Yemen humanitarian crisis: How cholera outbreak is adding to country's woes

The disease is endemic to Yemen but began spreading rapidly as disruption to medical services and infrastructure in the country increased.

epa06145948 A young Yemeni girl waits amongst the crush of women lining up to receive free bread at a charity bakery during a severe shortage of food in Sana'a, Yemen, 15 August 2017. According to reports, nearly 20.7 million people of Yemen's 26-million population are in need of humanitarian assistance as a result of increased food insecurity. The impoverished Arab country is experiencing a humanitarian crisis due to an ongoing brutal conflict that has lasted more than two years.  EPA/YAHYA ARHAB
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Half a million cases of cholera have been reported in Yemen and more than 2,000 people have died since the outbreak began spreading rapidly earlier this year.

The epidemic has sparked one of the worst humanitarian crisis in the Middle East, with around 5,000 people infected per day in Yemen, according to the World Health Organisation.

Yemen was already impoverished and wracked by conflict before the start of the war. But almost three years since Houthi rebels seized the capital, the fighting has killed thousands and left millions facing starvation and disease.

Adding to the suffering, is the worst cholera outbreak in recent history.

The disease is endemic to Yemen but began spreading rapidly as disruption to medical services and infrastructure in the country increased.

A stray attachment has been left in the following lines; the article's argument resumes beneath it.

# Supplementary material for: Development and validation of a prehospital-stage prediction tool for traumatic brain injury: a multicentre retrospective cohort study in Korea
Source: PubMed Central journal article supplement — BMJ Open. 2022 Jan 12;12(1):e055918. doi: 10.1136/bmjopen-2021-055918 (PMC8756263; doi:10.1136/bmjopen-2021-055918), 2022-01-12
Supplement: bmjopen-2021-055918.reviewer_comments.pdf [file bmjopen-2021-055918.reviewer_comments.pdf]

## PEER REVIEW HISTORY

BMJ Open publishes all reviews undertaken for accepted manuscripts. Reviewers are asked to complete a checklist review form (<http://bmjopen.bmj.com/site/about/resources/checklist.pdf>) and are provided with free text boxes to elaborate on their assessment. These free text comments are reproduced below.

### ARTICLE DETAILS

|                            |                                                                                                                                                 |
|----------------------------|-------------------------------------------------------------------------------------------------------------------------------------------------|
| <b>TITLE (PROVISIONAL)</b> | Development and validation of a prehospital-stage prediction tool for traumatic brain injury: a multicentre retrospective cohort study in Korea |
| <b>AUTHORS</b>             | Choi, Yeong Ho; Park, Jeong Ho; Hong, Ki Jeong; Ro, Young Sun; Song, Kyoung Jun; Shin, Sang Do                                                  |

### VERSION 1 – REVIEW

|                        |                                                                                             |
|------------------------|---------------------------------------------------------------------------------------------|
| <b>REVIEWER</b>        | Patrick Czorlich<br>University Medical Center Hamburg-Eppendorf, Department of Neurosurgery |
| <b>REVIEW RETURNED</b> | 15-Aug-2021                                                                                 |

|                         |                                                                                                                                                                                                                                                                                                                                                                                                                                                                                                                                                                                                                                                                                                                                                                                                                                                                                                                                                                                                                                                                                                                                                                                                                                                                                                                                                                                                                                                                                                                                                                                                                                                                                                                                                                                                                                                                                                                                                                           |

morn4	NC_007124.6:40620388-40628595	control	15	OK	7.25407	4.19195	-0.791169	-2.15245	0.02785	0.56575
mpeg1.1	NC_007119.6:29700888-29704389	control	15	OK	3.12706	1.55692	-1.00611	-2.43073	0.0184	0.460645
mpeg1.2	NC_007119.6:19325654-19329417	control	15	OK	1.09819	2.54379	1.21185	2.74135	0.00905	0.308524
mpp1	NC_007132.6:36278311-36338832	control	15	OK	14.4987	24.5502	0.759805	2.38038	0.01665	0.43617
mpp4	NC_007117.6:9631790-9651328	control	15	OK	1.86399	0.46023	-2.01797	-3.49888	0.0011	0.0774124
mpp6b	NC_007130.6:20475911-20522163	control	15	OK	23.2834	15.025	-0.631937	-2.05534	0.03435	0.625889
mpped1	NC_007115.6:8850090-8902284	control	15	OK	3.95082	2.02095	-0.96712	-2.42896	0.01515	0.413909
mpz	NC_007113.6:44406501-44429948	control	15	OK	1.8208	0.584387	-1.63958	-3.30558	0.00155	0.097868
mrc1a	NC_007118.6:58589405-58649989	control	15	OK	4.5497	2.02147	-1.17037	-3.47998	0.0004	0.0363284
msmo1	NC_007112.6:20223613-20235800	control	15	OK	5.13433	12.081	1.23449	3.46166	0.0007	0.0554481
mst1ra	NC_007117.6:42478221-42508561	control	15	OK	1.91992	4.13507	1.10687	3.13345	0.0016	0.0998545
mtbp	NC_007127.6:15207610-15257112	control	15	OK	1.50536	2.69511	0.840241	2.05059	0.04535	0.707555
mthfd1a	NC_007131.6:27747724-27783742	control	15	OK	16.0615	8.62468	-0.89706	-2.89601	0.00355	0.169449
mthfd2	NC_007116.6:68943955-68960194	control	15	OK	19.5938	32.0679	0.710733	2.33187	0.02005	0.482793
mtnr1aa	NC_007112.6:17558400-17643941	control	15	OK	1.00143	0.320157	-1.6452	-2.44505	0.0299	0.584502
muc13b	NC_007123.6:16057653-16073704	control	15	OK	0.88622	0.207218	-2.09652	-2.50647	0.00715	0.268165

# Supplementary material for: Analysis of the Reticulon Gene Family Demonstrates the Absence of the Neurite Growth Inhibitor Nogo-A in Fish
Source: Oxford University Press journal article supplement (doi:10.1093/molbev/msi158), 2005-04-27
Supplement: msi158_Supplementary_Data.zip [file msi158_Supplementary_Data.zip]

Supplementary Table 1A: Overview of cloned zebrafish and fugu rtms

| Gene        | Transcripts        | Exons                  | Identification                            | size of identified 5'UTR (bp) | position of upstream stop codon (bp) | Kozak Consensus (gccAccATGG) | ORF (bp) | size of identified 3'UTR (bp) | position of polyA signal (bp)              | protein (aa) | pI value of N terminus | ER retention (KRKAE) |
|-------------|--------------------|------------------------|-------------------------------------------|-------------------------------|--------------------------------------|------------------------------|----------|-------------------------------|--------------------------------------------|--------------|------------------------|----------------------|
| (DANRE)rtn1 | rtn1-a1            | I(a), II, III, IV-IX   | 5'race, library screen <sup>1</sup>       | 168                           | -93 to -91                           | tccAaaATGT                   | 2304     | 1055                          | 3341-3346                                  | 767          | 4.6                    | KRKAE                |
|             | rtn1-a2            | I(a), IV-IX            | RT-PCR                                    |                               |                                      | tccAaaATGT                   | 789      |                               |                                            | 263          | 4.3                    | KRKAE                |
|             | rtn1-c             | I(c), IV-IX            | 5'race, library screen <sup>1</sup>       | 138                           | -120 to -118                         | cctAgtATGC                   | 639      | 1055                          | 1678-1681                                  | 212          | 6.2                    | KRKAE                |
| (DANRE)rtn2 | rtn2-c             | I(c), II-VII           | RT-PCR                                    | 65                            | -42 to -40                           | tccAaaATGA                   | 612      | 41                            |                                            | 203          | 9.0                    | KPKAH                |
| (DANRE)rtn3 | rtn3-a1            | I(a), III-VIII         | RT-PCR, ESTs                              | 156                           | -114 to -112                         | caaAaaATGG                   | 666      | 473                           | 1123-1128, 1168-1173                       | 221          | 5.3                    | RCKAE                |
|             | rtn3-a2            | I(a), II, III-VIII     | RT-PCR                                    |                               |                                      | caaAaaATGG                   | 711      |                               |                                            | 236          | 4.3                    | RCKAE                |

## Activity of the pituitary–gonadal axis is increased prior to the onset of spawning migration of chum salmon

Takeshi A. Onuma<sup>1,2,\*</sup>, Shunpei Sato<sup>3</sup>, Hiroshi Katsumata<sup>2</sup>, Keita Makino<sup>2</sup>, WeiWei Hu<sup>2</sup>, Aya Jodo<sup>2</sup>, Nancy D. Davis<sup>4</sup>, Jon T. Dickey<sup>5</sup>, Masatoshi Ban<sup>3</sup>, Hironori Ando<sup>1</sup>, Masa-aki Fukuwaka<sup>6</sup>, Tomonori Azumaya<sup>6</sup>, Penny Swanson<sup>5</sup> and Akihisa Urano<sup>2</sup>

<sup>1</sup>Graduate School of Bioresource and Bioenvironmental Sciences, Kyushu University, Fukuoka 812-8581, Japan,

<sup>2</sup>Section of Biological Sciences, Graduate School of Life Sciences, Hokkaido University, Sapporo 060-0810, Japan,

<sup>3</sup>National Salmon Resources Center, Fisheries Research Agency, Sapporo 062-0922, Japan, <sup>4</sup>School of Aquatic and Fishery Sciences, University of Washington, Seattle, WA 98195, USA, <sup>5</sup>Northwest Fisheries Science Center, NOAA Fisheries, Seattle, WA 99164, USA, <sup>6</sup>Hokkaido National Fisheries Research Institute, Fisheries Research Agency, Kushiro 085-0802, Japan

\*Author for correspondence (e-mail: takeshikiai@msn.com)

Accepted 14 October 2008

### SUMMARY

The Saudi-led coalition blocked flights to Sanaa airport in August last year to stop the Houthi rebels from shipping arms into the country, but has since asked the UN to take control of the airport and resume flights to allow humanitarian aid access.

The UN has warned that the war is likely to cause an entire generation of Yemenis to lose any chance of rebuilding their country as children are the most affected by the lack of educational and medical services.

More than a quarter of the fatalities and 41 per cent of those who contracted cholera were children, according to the UN.

The WHO said the outbreak in Yemen is not likely to have a high fatality rate considering the number of cases. As long as those affected receive medical care, 99 per cent of cases can survive.

The new campaign from the Emirates Red Crescent launched in southern Yemen to mark Eid Al Adha will help various Yemeni families who have been displaced, or suffered from the brutal war.

UN special envoy to Yemen Ismail Ould Cheikh Ahmed has also made a renewed push to achieve a political solution to the nearly three-year-old war as he shuttles between the countries involved.

International organisations have stressed the importance of ending the war through a diplomatic solution and have agreed with Mr Cheikh Ahmed’s claim that there is no military resolution to the Yemen crisis.

The Saudi-led coalition, which includes the UAE, launch its military campaign in Yemen in 2015 after the Iran-backed Houthis captured Aden. The coalition aims to help Yemeni forces restore to power the internationally recognised president Abdrabu Mansur Hadi.